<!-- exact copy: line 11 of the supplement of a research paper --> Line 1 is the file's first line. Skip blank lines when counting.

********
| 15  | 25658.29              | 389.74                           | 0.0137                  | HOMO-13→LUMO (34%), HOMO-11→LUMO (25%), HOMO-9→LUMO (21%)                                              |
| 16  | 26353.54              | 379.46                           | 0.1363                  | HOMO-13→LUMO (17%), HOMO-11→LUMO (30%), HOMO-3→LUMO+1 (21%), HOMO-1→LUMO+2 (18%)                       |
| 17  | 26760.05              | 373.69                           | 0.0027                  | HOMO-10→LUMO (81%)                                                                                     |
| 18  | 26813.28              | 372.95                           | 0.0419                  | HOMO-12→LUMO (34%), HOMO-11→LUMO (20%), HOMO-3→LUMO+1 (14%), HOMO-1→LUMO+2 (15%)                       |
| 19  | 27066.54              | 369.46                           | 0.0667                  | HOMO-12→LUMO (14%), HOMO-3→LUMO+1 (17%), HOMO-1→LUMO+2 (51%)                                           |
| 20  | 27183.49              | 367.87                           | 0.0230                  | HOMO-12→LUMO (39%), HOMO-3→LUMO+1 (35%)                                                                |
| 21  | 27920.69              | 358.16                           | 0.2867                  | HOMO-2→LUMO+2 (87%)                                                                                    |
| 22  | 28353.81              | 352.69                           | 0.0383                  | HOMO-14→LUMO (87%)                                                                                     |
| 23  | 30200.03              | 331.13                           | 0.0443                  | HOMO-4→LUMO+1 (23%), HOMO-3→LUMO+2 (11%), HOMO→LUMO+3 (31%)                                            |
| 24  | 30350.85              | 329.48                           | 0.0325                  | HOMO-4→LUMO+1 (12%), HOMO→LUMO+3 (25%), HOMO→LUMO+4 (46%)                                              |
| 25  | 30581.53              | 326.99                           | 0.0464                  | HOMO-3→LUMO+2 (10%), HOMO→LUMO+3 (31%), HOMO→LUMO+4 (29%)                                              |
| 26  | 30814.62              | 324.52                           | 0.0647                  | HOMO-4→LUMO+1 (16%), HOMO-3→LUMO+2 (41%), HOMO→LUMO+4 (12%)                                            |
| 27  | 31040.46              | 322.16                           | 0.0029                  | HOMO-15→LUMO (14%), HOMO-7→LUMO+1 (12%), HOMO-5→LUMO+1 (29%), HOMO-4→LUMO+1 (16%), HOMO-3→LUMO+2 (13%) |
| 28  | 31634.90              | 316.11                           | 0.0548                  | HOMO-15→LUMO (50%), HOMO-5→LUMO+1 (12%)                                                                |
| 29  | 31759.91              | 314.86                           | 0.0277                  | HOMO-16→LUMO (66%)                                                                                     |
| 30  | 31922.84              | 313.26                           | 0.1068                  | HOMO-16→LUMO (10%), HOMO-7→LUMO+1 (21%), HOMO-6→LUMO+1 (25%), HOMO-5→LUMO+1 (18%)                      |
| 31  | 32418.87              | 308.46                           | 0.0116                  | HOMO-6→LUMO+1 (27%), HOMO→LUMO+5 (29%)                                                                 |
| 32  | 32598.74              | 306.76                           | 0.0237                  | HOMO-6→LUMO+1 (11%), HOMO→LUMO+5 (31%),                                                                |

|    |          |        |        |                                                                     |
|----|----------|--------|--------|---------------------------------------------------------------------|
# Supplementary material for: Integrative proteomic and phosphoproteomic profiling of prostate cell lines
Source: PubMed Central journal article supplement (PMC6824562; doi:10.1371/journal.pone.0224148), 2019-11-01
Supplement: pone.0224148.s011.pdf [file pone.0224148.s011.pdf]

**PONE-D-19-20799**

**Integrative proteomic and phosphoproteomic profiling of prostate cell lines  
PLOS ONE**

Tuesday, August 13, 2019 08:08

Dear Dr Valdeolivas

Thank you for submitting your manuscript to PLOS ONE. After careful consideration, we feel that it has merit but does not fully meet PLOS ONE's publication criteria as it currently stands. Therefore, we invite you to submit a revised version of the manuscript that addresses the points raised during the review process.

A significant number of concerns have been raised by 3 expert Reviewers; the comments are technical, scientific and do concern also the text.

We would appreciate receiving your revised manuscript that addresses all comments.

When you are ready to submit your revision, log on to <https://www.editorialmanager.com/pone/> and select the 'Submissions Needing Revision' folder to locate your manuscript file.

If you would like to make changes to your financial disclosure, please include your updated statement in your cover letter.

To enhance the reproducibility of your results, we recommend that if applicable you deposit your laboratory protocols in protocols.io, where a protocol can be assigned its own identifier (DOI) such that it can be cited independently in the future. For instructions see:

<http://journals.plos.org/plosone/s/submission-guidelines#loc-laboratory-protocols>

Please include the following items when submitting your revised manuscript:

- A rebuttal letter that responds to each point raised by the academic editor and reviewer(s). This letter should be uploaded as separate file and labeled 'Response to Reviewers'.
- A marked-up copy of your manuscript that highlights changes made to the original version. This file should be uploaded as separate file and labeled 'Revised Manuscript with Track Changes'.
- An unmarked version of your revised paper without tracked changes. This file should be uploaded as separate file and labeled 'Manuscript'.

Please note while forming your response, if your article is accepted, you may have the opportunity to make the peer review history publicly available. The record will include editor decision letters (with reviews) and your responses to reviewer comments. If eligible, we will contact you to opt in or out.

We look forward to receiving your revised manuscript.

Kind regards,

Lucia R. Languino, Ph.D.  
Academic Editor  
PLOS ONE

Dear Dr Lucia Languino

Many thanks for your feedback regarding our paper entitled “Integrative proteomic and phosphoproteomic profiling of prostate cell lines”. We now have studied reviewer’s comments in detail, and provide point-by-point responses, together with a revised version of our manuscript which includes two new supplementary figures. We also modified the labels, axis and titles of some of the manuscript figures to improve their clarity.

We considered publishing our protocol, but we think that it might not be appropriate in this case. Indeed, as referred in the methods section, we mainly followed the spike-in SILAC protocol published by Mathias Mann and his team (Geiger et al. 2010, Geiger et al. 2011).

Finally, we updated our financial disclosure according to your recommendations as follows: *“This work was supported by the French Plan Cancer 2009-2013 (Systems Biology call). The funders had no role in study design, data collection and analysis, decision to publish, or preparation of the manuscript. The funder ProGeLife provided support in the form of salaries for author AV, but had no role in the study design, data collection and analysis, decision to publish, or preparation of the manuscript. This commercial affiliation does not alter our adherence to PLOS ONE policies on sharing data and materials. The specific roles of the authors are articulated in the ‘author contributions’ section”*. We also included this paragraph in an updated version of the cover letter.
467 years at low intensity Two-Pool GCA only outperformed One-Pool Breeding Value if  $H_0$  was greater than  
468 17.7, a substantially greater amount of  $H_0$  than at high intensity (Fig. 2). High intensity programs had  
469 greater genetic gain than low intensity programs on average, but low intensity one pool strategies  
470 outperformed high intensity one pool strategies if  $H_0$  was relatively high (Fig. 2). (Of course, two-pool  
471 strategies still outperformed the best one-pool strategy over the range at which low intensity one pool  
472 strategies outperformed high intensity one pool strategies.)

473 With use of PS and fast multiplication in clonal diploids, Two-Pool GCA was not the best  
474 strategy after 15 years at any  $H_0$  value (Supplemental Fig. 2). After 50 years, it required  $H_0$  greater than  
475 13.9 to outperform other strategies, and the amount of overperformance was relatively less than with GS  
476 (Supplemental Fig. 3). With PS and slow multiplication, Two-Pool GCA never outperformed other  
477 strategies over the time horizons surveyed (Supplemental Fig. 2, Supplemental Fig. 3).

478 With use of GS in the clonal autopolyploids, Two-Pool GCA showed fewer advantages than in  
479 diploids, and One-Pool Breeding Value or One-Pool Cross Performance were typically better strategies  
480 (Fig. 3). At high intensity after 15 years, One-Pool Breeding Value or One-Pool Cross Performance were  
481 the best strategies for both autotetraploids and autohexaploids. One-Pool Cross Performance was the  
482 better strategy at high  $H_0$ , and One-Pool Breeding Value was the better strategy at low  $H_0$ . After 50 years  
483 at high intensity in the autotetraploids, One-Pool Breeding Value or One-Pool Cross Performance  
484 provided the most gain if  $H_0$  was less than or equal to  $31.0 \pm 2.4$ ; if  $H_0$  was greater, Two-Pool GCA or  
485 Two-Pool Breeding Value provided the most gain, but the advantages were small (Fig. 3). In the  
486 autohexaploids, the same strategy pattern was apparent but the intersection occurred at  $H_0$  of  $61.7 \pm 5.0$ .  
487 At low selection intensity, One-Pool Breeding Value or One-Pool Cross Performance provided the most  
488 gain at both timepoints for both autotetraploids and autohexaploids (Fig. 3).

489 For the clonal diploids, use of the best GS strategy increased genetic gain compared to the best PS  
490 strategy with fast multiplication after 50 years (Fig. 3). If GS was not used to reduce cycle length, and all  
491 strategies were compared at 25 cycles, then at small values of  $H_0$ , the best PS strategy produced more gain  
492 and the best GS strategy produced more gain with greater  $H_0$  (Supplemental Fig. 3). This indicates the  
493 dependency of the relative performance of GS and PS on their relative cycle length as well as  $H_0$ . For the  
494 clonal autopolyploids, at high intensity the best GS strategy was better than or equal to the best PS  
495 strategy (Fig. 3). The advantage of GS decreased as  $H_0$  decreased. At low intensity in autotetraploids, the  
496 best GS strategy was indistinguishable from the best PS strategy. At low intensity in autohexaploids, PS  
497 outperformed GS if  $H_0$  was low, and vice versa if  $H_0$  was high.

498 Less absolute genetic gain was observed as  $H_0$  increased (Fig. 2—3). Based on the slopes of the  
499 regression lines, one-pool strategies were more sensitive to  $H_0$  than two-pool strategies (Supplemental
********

| 25  | 30581.53              | 326.99                           | 0.0464                  | HOMO-3→LUMO+2 (10%), HOMO→LUMO+3 (31%), HOMO→LUMO+4 (29%)                                              |